Thursday, July 10, 2014

Highway Trust Fund Bankruptcy: Look Beyond the Cries of “Wolf!”

If you follow transportation issues in the news – heck, even if you don’t – you’ve probably seen the headlines:
Federal Highway Trust Fund Going Bankrupt!
Transportation Projects Coming to a Halt!

It seems often we hear dire warnings, then nothing bad seems to happen, so after a while we ignore them, likening them to the boy who cried “wolf.”

Will Congress do something to shore up the trust fund before it goes bankrupt later this summer? I honestly don’t know.  

My concern is that if Congress does act, they will create a short-term “fix” – enough to avoid an immediate crisis, and once again make it appear we cried “wolf!” for no reason, but not enough to truly solve the problem.

What is the problem? How did we get here? The underlying issue is simple – the Highway Trust Fund was designed to be an user-pay fund, but while costs have increased, revenues have not.

Think of the trust fund as your salary. When you got your first job, your expenses were small – rent, a car payment, food, and miscellaneous expenses. As you matured, your expenses grew – you got married and had children, leading to the need for a bigger car, larger house (with all the maintenance that goes with it), increased trips to the grocery store, and more. Even your routine expenses cost more due to inflation.

But – here’s the kicker – your employer prides himself on being fiscally conservative, so he has chosen to not give raises; good work earns you a nice pat on the back instead.

Your employer boasts about his fiscal conservativeness, but you are in a quandary: more expenses + same salary = you can’t afford to pay your bills and eventually become a burden on society.

The Highway Trust Fund is in the same boat. Inflation has increased the costs of everything from labor to supplies, but the federal fuel tax hasn’t increase since 1993. What cost $100 in 1993 costs $158.85 today! In addition, people are driving less and they are driving more fuel efficient vehicles, which means less gas purchased, and less money into the trust fund.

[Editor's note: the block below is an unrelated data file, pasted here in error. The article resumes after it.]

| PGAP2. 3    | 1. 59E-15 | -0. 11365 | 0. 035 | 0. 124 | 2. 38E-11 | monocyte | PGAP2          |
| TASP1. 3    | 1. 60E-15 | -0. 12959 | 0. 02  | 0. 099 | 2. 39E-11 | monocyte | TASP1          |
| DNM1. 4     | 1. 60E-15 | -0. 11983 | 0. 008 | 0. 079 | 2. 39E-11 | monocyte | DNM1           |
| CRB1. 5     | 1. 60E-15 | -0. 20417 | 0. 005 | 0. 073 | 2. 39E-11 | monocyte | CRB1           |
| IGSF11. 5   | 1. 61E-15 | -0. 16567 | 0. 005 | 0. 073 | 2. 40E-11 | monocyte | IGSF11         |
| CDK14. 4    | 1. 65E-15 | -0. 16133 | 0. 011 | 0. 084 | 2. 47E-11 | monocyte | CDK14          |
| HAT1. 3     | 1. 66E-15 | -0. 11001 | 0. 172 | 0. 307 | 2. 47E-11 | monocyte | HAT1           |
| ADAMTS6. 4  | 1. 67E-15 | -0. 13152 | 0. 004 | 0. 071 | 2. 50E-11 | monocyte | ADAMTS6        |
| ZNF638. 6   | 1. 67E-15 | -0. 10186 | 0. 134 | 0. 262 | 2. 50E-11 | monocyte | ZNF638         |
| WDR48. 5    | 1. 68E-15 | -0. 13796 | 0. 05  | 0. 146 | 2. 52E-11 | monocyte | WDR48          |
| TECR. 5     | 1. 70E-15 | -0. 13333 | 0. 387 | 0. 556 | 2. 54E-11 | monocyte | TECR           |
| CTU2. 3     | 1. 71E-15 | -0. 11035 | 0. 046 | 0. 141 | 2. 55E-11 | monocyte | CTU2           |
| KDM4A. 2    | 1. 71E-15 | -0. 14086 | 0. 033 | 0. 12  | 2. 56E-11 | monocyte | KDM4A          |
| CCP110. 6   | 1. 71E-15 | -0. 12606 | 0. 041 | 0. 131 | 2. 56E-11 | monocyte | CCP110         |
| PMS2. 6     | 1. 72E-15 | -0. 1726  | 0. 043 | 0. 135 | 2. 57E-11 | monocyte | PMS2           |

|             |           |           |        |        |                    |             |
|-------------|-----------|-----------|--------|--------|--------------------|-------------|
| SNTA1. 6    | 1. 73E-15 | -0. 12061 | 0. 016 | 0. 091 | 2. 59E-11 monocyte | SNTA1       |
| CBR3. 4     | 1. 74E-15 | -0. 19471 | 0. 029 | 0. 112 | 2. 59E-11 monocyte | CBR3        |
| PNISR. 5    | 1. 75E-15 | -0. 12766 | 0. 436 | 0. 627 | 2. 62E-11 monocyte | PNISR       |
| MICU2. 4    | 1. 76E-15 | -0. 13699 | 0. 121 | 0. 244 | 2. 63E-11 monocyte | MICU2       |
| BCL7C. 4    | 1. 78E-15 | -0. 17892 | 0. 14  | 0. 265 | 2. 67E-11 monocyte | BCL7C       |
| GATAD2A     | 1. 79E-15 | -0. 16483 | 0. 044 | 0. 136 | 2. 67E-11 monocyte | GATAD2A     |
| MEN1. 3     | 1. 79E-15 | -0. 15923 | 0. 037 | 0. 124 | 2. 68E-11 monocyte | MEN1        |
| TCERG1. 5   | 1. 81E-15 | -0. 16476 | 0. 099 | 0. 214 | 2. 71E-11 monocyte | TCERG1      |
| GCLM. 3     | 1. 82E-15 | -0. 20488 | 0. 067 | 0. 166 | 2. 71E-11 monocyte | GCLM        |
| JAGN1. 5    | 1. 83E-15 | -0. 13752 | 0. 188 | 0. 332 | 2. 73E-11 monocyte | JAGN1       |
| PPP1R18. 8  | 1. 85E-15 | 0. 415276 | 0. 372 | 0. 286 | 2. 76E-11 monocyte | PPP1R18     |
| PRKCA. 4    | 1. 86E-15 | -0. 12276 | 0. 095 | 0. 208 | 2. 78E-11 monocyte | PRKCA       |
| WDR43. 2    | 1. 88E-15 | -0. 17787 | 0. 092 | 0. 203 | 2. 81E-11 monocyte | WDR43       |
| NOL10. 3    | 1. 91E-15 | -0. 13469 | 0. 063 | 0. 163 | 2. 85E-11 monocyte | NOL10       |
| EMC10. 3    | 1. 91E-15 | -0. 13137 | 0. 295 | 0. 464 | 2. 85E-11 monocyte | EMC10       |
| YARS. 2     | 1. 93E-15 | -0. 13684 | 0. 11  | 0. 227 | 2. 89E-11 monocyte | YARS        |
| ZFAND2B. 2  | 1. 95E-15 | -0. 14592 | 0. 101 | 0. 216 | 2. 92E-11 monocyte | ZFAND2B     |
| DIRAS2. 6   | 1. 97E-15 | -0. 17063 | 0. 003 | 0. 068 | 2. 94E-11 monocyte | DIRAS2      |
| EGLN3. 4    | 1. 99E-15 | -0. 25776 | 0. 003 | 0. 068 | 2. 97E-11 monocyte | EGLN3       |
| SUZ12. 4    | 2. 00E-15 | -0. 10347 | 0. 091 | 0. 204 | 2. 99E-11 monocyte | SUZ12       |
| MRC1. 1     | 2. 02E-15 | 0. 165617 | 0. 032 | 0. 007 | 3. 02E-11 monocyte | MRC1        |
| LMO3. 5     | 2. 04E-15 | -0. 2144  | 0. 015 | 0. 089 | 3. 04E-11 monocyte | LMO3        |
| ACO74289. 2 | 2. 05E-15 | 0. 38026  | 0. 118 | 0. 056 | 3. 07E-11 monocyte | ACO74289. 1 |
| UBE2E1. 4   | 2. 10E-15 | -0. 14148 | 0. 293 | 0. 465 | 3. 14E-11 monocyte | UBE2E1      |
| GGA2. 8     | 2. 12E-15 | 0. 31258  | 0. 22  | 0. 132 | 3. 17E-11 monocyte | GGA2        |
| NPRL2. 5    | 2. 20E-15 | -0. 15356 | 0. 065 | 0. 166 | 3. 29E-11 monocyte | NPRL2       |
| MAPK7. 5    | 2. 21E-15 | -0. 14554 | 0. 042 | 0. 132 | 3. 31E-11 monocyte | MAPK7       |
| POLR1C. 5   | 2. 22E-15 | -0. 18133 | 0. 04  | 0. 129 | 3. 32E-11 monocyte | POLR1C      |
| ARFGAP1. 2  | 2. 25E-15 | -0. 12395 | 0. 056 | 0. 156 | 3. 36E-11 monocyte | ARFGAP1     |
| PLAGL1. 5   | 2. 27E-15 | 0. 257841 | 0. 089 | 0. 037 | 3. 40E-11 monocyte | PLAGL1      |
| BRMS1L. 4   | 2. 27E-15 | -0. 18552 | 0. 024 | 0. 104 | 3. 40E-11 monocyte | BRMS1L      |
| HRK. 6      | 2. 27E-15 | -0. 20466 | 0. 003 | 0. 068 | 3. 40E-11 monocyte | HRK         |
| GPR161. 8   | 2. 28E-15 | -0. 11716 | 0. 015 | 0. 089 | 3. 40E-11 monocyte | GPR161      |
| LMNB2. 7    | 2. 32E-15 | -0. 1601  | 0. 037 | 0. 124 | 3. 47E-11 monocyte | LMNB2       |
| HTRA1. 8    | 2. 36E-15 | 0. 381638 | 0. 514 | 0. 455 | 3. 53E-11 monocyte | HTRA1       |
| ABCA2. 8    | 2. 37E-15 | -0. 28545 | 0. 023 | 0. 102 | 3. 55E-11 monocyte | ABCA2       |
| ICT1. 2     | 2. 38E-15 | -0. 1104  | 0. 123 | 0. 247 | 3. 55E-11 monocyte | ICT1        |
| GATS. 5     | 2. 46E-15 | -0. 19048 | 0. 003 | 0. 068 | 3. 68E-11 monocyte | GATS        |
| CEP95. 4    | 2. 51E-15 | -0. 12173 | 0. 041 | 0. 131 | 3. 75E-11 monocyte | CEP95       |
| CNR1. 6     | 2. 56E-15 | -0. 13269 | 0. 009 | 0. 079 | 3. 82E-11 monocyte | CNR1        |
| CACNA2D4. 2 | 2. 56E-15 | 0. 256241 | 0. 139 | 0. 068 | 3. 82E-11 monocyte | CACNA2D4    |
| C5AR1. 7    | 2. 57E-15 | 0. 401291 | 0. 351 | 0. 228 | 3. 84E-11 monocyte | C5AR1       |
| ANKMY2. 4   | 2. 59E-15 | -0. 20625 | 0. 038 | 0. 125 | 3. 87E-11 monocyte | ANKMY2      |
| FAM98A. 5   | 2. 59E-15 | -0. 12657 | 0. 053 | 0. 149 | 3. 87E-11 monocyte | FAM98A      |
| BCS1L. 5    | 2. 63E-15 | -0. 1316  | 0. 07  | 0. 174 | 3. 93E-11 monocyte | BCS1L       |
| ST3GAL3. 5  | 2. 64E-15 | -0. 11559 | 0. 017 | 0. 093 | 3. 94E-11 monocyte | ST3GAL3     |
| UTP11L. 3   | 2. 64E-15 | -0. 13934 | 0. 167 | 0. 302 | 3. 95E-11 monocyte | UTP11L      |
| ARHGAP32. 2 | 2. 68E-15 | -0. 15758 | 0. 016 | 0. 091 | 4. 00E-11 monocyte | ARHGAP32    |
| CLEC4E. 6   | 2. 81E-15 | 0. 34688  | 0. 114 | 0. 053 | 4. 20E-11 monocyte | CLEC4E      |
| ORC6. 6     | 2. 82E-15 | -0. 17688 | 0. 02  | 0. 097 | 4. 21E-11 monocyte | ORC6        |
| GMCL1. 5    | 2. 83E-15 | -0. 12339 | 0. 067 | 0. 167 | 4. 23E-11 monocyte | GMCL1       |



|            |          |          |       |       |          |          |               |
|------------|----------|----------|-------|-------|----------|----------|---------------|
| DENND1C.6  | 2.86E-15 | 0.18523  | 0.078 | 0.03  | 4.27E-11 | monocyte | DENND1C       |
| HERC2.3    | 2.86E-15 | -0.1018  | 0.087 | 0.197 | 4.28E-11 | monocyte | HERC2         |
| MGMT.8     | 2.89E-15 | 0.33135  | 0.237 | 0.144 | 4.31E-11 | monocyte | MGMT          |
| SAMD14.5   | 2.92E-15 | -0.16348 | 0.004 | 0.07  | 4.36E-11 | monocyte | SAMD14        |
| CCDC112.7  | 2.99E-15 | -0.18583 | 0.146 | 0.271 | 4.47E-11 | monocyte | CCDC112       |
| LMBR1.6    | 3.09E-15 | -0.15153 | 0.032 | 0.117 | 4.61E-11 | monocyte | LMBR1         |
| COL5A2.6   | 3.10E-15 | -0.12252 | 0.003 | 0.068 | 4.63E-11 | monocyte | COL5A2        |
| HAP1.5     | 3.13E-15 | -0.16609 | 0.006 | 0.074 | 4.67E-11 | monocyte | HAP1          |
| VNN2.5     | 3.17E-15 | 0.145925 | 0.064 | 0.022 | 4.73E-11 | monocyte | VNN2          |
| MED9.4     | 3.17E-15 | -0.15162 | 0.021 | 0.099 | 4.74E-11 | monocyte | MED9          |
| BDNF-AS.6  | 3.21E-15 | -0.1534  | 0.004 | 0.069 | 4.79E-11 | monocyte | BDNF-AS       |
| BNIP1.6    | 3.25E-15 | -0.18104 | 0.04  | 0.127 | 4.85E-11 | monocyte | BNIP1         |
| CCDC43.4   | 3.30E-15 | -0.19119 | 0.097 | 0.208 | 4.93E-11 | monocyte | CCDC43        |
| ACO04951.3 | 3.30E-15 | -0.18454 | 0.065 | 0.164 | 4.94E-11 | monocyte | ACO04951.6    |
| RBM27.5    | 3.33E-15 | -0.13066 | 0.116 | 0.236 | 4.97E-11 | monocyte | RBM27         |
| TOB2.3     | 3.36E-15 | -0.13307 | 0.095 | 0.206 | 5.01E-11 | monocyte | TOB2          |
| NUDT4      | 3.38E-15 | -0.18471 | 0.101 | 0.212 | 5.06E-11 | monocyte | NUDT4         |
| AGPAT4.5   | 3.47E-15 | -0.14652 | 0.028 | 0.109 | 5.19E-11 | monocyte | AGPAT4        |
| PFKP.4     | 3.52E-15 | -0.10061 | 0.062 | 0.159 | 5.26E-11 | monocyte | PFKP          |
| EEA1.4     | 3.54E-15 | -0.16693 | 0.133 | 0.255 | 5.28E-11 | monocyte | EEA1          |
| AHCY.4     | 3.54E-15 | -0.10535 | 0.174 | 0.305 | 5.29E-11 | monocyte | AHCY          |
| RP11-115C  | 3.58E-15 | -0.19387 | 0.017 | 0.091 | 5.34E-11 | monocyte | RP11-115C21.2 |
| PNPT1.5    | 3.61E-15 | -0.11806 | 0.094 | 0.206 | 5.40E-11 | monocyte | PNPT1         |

By underfunding our transportation system, it too becomes a burden on society.  Freight haulers must go out of their way to avoid bridges with weight restrictions, leading to extra costs in fuel and time. Deliveries are late due to detours and roads in poor repair, leading to less efficient commerce. Workers are stuck in traffic or can’t catch a bus, due to lack of ability to keep up with demand.

Most proposals I have seen to shore up the Highway Trust Fund are short-term “fixes,” but do not address the underlying problem. We need a long-term solution by returning to a true “user pay” system:

1. Raise the fuel tax.

2. Index the fuel tax to inflation, so we aren’t having this argument in the future – Congress won’t have the unpleasant task of raising taxes; the taxes will raise themselves.

3. Implement a tax on electric, hybrid, and other vehicles that are less reliant on gas so that they pay an amount equivalent to their use of the roads.

We need to stop boasting about being fiscally conservative and instead boast about being fiscally sound. Our future depends on it. 

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Community Planning Association of Southwest Idaho

COMPASS is the designated Metropolitan Planning Organization responsible for transportation planning in Ada and Canyon Counties. The COMPASS Board comprises 39 members representing the cities, counties, highway districts, educational institutions, state agencies, and other entities within the two counties. COMPASS plays an important role in making decisions about future long-range transportation needs in the Treasure Valley, taking into consideration environmental and economic factors that affect the quality of life.